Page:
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LIGHT ON RUINS

Charan Sharma's paintings reflect the visual richness of temple and haveli architecture


RAJASTHAN-BORN Charan Sharma's large sized canvases in acrylics and water colours on paper are romantic and an authoritative depiction of architectural ruins both imaginative and real. Some of his works are on show at the Vinyasa Gallery.

His repertoire centres on the element of light, which alludes to positive attitudes about life both at the spiritual and psychological planes.

Coming as he does from a tradition of artists in Nathdwara, Rajasthan, Sharma says, "I am an artist." The visual richness of the architecture in terms of havelis and temples are an integral dimension of his life.


Sharma's works transport the viewer to the majesty and awesome visions of the picturesque medieval ruins of cathedrals and castles in the renderings of the 19th Century romantic paintings. And nearer home, they bear a strong affinity to Company paintings of the colonisers who recorded the cultural tradition of the natives, so to speak.

Sharma's paintings, nevertheless, reverberate with a masculine vibrancy, reinforced with his amazing and accurate draftsmanship, in which every detail, texture, architectural element and the sharpness of light seem to make the surface of the stone quiver with a life all its own.

The ambience manifesting his paintings is one of absolute stillness, almost forbidding reactions or responses of any nature from the viewer. What is enigmatic are the textures of the stone that Sharma has recreated with a tactile appeal.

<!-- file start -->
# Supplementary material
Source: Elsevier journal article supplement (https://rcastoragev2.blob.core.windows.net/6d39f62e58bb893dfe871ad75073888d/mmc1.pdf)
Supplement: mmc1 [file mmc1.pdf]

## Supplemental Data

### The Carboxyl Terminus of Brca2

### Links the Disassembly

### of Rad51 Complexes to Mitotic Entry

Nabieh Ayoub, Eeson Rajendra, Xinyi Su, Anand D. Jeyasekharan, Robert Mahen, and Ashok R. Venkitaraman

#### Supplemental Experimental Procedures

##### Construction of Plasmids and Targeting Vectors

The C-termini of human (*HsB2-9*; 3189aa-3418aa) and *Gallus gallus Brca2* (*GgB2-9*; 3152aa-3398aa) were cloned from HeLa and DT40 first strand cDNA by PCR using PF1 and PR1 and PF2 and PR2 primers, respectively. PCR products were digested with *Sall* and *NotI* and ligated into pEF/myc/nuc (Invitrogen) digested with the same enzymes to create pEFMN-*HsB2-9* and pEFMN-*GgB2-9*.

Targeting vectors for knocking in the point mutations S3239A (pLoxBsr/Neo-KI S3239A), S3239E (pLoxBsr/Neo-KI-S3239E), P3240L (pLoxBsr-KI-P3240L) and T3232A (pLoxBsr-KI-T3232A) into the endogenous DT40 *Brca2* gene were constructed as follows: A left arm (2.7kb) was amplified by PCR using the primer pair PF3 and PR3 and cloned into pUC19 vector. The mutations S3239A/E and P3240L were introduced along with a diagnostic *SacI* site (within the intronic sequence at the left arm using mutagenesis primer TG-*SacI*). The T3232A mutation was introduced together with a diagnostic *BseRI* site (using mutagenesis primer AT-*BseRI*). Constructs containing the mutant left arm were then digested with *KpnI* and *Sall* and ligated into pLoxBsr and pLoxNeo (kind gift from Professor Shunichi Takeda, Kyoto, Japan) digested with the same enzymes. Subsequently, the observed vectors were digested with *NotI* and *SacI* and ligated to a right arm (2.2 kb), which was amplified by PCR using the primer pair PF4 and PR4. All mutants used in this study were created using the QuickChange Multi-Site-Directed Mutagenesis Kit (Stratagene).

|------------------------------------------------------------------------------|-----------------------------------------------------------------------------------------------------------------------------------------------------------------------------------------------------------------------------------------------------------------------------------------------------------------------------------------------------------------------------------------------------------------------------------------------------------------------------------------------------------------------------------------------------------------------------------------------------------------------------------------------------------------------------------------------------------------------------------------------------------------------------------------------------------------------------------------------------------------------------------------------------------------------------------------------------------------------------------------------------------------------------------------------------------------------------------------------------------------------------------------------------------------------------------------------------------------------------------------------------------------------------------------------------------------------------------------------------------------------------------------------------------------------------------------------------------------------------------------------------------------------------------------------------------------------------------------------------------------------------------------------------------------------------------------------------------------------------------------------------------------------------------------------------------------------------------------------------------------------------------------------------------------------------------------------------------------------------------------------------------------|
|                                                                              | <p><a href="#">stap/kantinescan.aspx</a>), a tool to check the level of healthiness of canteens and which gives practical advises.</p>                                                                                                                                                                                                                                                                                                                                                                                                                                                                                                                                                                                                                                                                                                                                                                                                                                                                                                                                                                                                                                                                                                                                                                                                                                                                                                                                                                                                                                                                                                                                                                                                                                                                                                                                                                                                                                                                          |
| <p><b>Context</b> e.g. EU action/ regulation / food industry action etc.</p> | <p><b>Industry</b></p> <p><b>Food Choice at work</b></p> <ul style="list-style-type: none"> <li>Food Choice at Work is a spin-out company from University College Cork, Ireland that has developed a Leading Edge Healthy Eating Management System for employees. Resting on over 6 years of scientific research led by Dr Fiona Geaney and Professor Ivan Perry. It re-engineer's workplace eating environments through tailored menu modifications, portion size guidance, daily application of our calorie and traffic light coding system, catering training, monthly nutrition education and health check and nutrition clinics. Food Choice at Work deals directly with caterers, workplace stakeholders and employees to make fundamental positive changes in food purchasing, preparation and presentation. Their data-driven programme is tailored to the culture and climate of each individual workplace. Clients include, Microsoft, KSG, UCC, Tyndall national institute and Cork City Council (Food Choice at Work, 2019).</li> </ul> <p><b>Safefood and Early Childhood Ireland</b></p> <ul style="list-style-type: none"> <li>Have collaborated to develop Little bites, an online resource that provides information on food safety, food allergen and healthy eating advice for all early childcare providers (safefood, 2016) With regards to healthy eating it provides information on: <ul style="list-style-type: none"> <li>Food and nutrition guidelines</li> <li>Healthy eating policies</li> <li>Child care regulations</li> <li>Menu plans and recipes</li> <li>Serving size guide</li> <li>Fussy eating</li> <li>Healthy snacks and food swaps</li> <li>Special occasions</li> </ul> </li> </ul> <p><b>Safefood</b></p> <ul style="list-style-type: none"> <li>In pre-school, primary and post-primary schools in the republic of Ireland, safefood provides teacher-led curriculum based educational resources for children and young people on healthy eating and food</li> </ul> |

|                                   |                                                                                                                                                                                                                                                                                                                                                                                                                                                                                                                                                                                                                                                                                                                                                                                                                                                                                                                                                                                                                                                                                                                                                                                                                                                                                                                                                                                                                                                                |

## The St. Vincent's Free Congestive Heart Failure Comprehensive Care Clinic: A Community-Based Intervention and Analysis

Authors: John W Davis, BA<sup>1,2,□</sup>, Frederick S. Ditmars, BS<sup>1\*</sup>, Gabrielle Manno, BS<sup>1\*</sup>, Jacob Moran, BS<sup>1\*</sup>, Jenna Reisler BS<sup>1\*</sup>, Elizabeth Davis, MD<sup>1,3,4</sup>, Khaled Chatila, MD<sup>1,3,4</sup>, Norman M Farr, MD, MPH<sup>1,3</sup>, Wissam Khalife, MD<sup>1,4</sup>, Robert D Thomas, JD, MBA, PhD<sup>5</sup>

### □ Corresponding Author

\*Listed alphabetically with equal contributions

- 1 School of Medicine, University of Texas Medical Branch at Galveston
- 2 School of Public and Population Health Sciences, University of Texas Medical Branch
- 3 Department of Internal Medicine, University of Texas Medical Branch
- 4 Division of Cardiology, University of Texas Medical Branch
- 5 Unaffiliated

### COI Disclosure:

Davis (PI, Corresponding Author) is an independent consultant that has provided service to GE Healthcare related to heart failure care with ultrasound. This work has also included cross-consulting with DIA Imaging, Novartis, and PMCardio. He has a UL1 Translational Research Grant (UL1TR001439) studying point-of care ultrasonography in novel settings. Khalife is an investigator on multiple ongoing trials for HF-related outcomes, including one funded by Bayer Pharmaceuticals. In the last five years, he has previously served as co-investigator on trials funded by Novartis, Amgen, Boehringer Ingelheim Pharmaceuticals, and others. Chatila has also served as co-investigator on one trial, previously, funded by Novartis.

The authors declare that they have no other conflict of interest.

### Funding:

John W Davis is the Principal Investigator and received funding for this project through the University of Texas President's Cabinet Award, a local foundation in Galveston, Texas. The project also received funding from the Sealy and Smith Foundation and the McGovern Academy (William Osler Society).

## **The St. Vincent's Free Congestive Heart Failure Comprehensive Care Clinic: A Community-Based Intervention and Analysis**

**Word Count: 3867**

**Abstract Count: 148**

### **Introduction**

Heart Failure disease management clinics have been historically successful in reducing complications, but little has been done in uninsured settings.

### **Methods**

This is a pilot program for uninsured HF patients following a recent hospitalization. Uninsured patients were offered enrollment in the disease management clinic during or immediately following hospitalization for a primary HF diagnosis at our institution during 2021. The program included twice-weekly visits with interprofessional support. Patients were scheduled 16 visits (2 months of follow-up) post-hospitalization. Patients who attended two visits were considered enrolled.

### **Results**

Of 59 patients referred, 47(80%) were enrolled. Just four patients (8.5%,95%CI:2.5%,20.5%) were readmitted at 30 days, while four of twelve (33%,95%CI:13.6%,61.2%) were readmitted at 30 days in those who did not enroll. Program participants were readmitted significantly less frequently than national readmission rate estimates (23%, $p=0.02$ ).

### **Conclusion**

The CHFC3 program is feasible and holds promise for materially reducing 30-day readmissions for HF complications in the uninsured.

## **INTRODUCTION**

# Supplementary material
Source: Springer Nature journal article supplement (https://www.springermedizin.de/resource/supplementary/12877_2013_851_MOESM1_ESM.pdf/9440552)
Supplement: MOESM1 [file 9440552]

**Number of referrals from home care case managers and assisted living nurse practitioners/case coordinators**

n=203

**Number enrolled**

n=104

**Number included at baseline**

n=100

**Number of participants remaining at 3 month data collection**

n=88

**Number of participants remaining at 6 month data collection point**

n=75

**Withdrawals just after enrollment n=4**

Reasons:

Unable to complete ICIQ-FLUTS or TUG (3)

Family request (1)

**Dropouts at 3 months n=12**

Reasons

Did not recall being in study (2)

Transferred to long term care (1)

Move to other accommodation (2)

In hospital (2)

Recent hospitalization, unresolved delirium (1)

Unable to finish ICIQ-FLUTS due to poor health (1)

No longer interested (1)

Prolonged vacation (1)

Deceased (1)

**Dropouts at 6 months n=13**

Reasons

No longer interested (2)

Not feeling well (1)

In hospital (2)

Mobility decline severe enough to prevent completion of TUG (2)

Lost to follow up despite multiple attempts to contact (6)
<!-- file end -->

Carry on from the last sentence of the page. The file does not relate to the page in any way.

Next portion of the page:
Years of experience have honed the artist's visual skills, enabling an easy translation through his tools. As Sharma clarifies, "I use Chinese round headed brushes. And the strokes are not brushed either vertically or horizontally, rather I squiggle them on the canvas so as to recreate textures of any nature." This working process developed to recreate the exact appearance of the stone whether chisel marked, weathered by the elements, marked by human hands or in their natural state is the signatorial style of Sharma.

Sharma's compositions are complex. The meandering and enigmatic perspectival scenes, are further made melancholic and awesome by the play of light in the nooks and crannies. Despite creating such an architectural grandiosity, there is a feeling of structured artificiality in these edifices. Maybe it is the earth tones of predominant browns that create effects of regimentation. Though far away vistas visible between the pillars enhance the timelessness of his themes, it is the nuanced innuendoes of the transient nature of light ever fleeting and in a state of constant flux that provides poetry to his paintings.

The academic realism that hallmarks Sharma's works links his technique to the colonial pedagogy with its insistence on the use of renaissance apparatus of perspective, chiaroscuro, foreshortening, etc. but his cultural rootedness to his native region, which allows recreation of past as tradition in terms of these temple ruins and haunting palatial fragments, posits Sharma as an artist with postmodernist sensibilities. These imagined and real ruins may not fall under the category of `quotations' or `appropriations' as derivatives from popular cultural sources but through the masquerades of the past Sharma catapults to project sameness in difference engaging in the visual diplomacy of remaining rooted in his individual heritage.

The show is on at till December 20.

ASHRAFI S. BHAGAT

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